Top 5 Aquascaping Styles
Written by: Chris (@shrimpery)
What do aquascaping and painting have in common? Besides being quarantine-friendly hobbies, there are many styles to work with in each. A skilled painter can evoke just as much meaning and beauty from an abstracted, pointillist piece as they can from a hyper-realistic still-life. Likewise, aquascapers can make an equally beautiful beautiful biotope tank, Iwagumi scape, or traditional nature aquarium. Of course, some styles are more popular than others, but I thought it would be fun to rank my top 5 favorite styles for you to try.
The most naturalistic style of aquascaping, biotopes are an interesting exercise in form following function. Often favored by hardcore fishkeepers, it’s sort of the black sheep of aquascaping; nothing about it is really intended to be beautiful to us humans (although that is always a plus). It’s instead intended to be appreciated by its inhabitants. Most biotope keepers will select a particular geographic locale or animal species and mimic the environment in question as accurately as possible. Besides the traditional, ‘proper’ biotope, an exciting offshoot of the biotope aquarium that has grown in popularity recently is the related blackwater aquarium, which I have yet to fully explore. In addition to fully exploring this style, it would be exciting to try a high tech (injected CO2) biotope utilizing local plants from a nearby stream or pond.
A simplistic blackwater biotope scape by UNS
The most serene and minimalist style of aquascaping is famous for being polarizing. Some people find the lack of plant variety, especially stem plants, to be stifling; in my eyes, there is something extremely fresh and liberating about an Iwagumi layout. Typically employing only a few stones and a couple species of low-growing, carpeting plants, its austerity makes it a great complement to a modern home interior or schooling fish that prefer open water. Some classic aquatic plants to explore in an Iwagumi layout include Micranthemum Monte Carlo, dwarf hairgrass, and Hemianthus callitrichoides.
Iwagumi interpretation by UNS
A somewhat neglected and old-timey style nowadays, the Dutch tank is in need of some serious TLC and has a lot of potential for growth. While there are technically many rules that must be followed for a tank to constitute a “true” Dutch, at its heart the style focuses on colorful stem plants in groupings, with no hardscape. Many of my personal tanks have incorporated elements of Dutch layouts, often blended with the nature aquarium style. The style has some excellent things to teach about aquascaping, including how to convey a sense of depth in a small space, how to get the most out of colorful stem plants, and how to avoid relying on hardscape as a crutch.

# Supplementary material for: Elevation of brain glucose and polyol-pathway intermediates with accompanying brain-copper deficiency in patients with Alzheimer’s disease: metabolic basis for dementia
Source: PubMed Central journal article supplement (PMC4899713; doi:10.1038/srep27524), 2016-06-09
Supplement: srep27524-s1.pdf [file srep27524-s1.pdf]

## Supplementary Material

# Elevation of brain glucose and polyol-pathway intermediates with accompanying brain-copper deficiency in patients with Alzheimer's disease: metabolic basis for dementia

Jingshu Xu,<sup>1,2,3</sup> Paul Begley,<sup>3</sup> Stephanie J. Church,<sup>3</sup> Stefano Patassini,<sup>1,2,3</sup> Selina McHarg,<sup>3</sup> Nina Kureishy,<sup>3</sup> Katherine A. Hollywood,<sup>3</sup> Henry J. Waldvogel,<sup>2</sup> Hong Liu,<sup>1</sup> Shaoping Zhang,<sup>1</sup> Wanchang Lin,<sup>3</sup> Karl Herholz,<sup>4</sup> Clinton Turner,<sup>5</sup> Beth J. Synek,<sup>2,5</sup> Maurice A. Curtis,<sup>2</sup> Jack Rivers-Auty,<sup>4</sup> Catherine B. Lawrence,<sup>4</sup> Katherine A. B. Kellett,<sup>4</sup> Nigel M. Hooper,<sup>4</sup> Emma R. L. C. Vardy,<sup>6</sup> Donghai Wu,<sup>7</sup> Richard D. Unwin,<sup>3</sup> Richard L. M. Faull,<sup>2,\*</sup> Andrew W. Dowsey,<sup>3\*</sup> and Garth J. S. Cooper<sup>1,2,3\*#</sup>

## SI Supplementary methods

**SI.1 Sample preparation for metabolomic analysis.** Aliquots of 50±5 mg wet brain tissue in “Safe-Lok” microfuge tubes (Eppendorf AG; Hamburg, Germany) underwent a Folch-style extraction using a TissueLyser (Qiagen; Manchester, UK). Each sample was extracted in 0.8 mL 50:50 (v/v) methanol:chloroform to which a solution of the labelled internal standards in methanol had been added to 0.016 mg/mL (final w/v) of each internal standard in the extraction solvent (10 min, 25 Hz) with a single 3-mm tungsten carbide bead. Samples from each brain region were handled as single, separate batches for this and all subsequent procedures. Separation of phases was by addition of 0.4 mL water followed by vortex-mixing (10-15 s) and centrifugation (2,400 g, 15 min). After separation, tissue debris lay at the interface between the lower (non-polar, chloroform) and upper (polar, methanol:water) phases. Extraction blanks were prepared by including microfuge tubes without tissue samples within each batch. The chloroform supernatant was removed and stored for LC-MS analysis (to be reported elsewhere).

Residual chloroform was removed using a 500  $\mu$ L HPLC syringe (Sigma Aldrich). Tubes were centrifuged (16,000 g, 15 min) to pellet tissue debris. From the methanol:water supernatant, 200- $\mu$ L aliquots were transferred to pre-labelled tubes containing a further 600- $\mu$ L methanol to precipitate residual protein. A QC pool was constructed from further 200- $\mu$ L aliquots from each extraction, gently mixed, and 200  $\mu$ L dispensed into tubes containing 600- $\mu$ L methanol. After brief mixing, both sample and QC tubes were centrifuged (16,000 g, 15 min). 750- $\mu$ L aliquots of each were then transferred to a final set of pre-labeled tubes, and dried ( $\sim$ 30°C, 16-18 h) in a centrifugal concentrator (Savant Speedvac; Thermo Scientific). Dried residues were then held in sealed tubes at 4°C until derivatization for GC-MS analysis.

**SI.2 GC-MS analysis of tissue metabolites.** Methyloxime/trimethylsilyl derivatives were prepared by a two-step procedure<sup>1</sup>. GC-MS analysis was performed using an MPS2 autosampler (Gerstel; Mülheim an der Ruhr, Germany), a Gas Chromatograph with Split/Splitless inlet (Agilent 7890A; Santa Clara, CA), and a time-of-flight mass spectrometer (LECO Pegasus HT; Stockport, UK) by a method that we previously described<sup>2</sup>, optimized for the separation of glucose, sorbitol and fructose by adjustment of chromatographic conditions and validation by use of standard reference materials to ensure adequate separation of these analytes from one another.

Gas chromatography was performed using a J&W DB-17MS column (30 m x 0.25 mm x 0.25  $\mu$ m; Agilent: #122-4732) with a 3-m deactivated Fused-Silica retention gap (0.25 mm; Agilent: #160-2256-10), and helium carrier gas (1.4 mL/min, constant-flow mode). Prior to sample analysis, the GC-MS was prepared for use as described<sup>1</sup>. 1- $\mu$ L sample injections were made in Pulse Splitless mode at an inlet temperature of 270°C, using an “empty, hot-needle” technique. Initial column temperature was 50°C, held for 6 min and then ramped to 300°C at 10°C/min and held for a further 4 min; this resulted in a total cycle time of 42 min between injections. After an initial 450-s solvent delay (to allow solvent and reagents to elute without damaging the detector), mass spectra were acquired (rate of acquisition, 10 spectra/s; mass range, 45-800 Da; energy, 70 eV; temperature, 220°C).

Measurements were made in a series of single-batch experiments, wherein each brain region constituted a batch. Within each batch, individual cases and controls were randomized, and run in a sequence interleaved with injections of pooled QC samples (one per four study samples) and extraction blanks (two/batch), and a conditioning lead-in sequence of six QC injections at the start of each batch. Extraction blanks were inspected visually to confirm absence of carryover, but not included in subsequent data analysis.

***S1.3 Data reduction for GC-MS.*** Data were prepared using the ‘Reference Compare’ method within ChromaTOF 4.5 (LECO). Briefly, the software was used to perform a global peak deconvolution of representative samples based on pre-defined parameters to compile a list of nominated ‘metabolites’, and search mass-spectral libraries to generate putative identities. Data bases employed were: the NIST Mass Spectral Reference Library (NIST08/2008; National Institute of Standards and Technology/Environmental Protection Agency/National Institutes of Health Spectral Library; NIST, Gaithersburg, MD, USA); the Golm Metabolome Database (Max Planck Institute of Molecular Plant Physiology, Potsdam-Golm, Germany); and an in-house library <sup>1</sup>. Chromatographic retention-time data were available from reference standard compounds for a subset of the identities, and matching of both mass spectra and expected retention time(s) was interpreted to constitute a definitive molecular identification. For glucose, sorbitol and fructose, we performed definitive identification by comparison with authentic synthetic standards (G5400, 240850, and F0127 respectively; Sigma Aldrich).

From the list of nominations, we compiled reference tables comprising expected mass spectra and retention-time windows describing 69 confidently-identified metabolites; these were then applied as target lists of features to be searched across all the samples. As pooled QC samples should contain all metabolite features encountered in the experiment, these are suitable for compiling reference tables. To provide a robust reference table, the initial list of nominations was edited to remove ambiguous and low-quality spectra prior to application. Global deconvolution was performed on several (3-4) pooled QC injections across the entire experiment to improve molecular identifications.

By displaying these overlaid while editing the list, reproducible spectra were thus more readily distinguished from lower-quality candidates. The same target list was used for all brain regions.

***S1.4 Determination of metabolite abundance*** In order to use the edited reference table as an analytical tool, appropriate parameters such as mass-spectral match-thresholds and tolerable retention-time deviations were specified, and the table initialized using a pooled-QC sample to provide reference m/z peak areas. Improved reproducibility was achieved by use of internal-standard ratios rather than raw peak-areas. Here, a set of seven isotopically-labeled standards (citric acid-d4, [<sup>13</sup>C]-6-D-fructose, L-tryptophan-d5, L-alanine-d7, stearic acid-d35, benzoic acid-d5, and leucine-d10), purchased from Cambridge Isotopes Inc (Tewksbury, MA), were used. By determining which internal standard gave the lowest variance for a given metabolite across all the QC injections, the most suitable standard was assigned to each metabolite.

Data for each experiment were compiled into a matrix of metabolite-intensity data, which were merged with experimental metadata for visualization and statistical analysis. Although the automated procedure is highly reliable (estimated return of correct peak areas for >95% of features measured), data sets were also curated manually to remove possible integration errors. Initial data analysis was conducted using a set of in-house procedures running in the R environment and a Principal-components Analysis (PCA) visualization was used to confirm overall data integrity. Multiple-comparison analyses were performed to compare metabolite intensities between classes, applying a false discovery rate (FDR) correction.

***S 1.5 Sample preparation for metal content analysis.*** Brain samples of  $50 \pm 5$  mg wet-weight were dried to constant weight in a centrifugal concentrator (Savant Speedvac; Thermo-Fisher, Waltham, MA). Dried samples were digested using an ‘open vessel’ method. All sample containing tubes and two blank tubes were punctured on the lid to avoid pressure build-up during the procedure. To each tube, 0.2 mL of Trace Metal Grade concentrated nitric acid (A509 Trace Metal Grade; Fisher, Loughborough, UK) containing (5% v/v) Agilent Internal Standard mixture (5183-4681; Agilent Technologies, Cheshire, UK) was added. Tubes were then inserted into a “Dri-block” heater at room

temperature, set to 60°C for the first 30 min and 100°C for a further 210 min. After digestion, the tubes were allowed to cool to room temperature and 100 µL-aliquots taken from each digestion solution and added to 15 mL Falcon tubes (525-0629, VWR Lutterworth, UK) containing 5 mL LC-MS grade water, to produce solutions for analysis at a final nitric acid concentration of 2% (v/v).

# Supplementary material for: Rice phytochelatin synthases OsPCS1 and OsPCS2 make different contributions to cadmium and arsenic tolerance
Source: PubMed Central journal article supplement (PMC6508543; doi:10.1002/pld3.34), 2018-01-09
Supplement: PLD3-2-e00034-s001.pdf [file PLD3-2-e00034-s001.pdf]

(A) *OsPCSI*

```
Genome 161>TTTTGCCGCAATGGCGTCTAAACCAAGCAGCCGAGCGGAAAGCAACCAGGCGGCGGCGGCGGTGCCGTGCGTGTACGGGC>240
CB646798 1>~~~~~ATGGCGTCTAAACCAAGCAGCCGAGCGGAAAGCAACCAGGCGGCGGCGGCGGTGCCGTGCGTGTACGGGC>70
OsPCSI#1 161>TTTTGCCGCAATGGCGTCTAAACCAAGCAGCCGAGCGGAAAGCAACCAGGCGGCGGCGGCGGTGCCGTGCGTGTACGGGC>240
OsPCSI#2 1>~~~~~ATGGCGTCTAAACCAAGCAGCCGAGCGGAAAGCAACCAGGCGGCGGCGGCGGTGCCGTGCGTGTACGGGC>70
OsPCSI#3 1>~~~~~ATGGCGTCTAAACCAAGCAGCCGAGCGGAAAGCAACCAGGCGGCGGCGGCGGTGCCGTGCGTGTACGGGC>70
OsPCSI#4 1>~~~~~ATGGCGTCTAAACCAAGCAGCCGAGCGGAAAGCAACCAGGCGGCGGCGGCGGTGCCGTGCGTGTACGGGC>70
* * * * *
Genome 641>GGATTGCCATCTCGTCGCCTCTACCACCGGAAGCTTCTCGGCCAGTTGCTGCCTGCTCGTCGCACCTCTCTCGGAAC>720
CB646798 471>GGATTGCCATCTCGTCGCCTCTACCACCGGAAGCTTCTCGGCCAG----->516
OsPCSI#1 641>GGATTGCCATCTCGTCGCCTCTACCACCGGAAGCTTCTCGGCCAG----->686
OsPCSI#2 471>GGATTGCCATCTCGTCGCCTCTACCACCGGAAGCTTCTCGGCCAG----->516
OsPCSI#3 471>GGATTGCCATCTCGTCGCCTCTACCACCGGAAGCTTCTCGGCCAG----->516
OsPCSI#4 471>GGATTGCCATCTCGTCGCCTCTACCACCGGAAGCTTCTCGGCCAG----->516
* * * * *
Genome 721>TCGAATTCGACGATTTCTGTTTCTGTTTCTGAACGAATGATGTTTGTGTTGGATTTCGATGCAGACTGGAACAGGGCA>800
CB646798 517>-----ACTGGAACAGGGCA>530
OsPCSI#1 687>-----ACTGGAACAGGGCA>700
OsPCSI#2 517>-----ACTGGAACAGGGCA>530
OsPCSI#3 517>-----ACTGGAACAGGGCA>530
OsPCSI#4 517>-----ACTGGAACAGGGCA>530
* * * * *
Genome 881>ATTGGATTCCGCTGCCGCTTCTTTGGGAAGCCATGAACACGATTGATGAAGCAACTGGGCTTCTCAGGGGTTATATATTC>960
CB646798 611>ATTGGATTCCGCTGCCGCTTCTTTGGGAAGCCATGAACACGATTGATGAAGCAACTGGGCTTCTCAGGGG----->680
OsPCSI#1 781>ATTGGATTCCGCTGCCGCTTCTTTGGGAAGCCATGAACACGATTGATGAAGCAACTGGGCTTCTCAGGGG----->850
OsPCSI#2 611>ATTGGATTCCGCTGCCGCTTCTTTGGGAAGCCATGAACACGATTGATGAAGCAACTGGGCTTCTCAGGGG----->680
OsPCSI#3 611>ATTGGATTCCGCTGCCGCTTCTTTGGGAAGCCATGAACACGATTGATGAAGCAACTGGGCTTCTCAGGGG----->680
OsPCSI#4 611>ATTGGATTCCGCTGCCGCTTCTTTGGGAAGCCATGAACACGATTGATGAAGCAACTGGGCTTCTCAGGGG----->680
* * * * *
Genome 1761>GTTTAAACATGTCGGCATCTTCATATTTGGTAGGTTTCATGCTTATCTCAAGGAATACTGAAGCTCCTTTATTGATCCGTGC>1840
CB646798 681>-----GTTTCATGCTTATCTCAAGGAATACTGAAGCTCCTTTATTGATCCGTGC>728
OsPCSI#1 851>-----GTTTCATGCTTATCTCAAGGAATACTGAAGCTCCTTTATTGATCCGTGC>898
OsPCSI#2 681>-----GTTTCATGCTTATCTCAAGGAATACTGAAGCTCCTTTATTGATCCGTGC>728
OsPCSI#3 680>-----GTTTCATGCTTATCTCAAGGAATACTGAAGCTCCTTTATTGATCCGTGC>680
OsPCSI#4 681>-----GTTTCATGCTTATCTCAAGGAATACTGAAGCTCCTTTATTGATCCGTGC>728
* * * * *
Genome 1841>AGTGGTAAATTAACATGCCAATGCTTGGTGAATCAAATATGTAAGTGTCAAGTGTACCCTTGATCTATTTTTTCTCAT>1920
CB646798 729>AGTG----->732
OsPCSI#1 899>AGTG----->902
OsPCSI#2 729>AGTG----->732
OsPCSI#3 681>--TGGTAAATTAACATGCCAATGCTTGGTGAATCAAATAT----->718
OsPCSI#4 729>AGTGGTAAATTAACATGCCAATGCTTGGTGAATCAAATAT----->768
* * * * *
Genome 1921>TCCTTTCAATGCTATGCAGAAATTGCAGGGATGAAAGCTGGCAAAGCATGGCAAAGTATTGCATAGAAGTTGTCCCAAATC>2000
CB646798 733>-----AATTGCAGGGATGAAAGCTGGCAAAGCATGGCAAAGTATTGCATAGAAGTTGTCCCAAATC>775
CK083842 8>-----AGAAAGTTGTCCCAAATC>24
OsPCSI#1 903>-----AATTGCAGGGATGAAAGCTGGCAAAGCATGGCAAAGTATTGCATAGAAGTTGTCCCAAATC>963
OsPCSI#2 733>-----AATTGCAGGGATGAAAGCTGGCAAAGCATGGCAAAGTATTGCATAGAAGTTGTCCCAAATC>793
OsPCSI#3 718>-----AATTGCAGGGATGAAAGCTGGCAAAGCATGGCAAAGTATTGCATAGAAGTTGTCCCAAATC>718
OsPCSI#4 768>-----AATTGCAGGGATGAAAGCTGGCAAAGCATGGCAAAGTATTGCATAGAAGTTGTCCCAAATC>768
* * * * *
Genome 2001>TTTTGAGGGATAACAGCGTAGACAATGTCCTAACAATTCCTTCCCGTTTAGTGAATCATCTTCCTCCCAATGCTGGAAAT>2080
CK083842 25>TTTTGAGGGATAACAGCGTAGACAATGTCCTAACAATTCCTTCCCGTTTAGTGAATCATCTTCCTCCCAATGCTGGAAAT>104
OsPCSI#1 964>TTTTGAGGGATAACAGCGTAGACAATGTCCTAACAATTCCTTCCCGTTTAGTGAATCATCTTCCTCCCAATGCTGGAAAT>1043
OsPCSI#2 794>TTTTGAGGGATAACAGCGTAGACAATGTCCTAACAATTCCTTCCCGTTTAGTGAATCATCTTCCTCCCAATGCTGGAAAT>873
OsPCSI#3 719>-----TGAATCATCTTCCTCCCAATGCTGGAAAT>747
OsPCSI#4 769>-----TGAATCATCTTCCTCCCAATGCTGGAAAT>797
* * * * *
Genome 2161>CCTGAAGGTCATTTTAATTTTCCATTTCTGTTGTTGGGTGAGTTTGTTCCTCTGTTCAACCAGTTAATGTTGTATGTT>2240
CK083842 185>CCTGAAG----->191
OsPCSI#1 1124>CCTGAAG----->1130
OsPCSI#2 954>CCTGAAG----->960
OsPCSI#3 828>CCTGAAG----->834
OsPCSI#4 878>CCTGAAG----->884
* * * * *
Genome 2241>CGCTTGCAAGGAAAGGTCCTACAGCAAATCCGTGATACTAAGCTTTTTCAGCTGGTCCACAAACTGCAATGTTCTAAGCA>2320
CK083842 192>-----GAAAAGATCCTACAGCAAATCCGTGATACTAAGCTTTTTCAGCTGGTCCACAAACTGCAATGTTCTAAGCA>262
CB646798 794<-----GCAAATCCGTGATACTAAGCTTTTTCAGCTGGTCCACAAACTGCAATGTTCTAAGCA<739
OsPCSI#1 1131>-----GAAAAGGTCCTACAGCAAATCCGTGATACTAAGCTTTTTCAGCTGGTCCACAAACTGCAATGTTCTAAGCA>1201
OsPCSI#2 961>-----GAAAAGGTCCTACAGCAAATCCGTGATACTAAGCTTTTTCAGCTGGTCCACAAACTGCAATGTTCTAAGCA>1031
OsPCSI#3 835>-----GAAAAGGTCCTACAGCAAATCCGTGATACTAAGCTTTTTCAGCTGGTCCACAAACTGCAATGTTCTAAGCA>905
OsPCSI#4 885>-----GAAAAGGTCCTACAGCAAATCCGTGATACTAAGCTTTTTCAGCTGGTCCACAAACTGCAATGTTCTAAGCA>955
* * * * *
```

Dutch style inspired aquascape by @mn_aquascape on Instagram
- No more than 1 plant species per 4 inches of tank length
- No duplication of the same species in another group
- A shoal of fish should be issued with at least 12 fish from the same species
This style is growing in popularity on social media, as are many tanks incorporating some variation on the paludarium motif (paludarium = aquarium with terrarium-like elements). When I created my first pond tank, I was very inspired by Japanese container ponds, often used on patios to breed Japanese rice fish (Oryzias latipes). To me, the key distinguishing feature of the pond tank is the use of emergent grasses. While it’s rare to see these plants outside of larger outdoor water features, more petite grasses are great complements for smaller water lilies, floating plants, and moss-covered driftwood. Much like a biotope tank, fish often feel very comfortable in this low-key, tranquil environment.
Pond style aquascape by @shrimpery
The most popular style of aquascaping really can’t be beat in terms of overall strengths. Despite its name, it isn’t as much about recreating nature (that would be the biotope tank) as much as it is about capturing the spirit of nature in a small environment. While biotopes focus on recreating what, say, a fish enjoys about nature, the nature aquarium does the same for humans. The materials of the nature aquarium allow for the greatest range of play. Rocks, driftwood, mosses, stem plants, carpeting plants, cosmetic sand and epiphytes can all play a part in a single tank. Finding the right balance of materials and the proper layout arrangement is key to preventing the layout from becoming cheesy or overwhelming.
UNS 60U nature aquascape by Buce Plant
While there are other aquascaping styles that are certainly worth exploring, hopefully this list of my favorites inspires you to get creative with your next layout. If you are a nature aquarium sort of person, like many scapers are, try your hand at a biotope or pond scape for a new challenge. Or better yet, combine different elements and create a style of your own!
As a bonus: here are my top five theoretical aquascaping styles that I would love to see someone try:
- Cave aquascape with troglodyte fish
- Fast-flowing rapids scape
- Red plants only scape
- High tech planted saltwater with macroalgae and sea grass
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